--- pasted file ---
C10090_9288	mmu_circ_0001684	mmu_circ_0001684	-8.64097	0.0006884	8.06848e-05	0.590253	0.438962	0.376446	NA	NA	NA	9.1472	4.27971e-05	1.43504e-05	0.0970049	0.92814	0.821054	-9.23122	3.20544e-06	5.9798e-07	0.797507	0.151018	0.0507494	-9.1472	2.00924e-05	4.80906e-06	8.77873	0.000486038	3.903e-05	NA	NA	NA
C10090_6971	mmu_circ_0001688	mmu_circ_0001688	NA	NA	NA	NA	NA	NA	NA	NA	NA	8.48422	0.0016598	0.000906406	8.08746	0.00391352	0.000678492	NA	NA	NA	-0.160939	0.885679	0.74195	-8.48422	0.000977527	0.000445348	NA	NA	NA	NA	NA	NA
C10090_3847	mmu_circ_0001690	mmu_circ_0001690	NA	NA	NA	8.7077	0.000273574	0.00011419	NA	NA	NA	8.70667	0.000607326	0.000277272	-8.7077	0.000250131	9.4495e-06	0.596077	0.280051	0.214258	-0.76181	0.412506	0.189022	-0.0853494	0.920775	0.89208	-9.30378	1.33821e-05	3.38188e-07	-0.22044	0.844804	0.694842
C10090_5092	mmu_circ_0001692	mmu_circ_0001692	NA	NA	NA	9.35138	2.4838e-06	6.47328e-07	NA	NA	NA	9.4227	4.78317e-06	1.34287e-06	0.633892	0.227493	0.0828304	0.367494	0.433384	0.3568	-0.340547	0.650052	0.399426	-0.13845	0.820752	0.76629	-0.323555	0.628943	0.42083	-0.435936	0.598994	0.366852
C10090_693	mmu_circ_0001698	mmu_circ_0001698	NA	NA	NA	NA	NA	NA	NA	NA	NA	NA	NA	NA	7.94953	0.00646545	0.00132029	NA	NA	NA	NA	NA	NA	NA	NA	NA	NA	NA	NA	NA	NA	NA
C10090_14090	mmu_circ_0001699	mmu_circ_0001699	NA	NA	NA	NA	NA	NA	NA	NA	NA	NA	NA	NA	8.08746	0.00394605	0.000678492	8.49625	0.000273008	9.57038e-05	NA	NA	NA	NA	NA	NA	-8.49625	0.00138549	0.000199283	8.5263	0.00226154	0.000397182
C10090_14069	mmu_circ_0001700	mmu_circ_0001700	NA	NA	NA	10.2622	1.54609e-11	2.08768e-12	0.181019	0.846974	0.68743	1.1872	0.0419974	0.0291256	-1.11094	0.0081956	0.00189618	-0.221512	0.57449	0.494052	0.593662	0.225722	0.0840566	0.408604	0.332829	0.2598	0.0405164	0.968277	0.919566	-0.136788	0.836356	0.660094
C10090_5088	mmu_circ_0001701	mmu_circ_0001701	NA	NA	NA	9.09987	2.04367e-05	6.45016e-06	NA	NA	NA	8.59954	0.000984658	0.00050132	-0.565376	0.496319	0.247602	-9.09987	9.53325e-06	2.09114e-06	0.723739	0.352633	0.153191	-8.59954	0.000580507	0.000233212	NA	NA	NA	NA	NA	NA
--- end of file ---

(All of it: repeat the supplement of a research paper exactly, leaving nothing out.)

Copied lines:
C10090_9288	mmu_circ_0001684	mmu_circ_0001684	-8.64097	0.0006884	8.06848e-05	0.590253	0.438962	0.376446	NA	NA	NA	9.1472	4.27971e-05	1.43504e-05	0.0970049	0.92814	0.821054	-9.23122	3.20544e-06	5.9798e-07	0.797507	0.151018	0.0507494	-9.1472	2.00924e-05	4.80906e-06	8.77873	0.000486038	3.903e-05	NA	NA	NA
C10090_6971	mmu_circ_0001688	mmu_circ_0001688	NA	NA	NA	NA	NA	NA	NA	NA	NA	8.48422	0.0016598	0.000906406	8.08746	0.00391352	0.000678492	NA	NA	NA	-0.160939	0.885679	0.74195	-8.48422	0.000977527	0.000445348	NA	NA	NA	NA	NA	NA
C10090_3847	mmu_circ_0001690	mmu_circ_0001690	NA	NA	NA	8.7077	0.000273574	0.00011419	NA	NA	NA	8.70667	0.000607326	0.000277272	-8.7077	0.000250131	9.4495e-06	0.596077	0.280051	0.214258	-0.76181	0.412506	0.189022	-0.0853494	0.920775	0.89208	-9.30378	1.33821e-05	3.38188e-07	-0.22044	0.844804	0.694842
C10090_5092	mmu_circ_0001692	mmu_circ_0001692	NA	NA	NA	9.35138	2.4838e-06	6.47328e-07	NA	NA	NA	9.4227	4.78317e-06	1.34287e-06	0.633892	0.227493	0.0828304	0.367494	0.433384	0.3568	-0.340547	0.650052	0.399426	-0.13845	0.820752	0.76629	-0.323555	0.628943	0.42083	-0.435936	0.598994	0.366852
C10090_693	mmu_circ_0001698	mmu_circ_0001698	NA	NA	NA	NA	NA	NA	NA	NA	NA	NA	NA	NA	7.94953	0.00646545	0.00132029	NA	NA	NA	NA	NA	NA	NA	NA	NA	NA	NA	NA	NA	NA	NA
C10090_14090	mmu_circ_0001699	mmu_circ_0001699	NA	NA	NA	NA	NA	NA	NA	NA	NA	NA	NA	NA	8.08746	0.00394605	0.000678492	8.49625	0.000273008	9.57038e-05	NA	NA	NA	NA	NA	NA	-8.49625	0.00138549	0.000199283	8.5263	0.00226154	0.000397182
C10090_14069	mmu_circ_0001700	mmu_circ_0001700	NA	NA	NA	10.2622	1.54609e-11	2.08768e-12	0.181019	0.846974	0.68743	1.1872	0.0419974	0.0291256	-1.11094	0.0081956	0.00189618	-0.221512	0.57449	0.494052	0.593662	0.225722	0.0840566	0.408604	0.332829	0.2598	0.0405164	0.968277	0.919566	-0.136788	0.836356	0.660094
C10090_5088	mmu_circ_0001701	mmu_circ_0001701	NA	NA	NA	9.09987	2.04367e-05	6.45016e-06	NA	NA	NA	8.59954	0.000984658	0.00050132	-0.565376	0.496319	0.247602	-9.09987	9.53325e-06	2.09114e-06	0.723739	0.352633	0.153191	-8.59954	0.000580507	0.000233212	NA	NA	NA	NA	NA	NA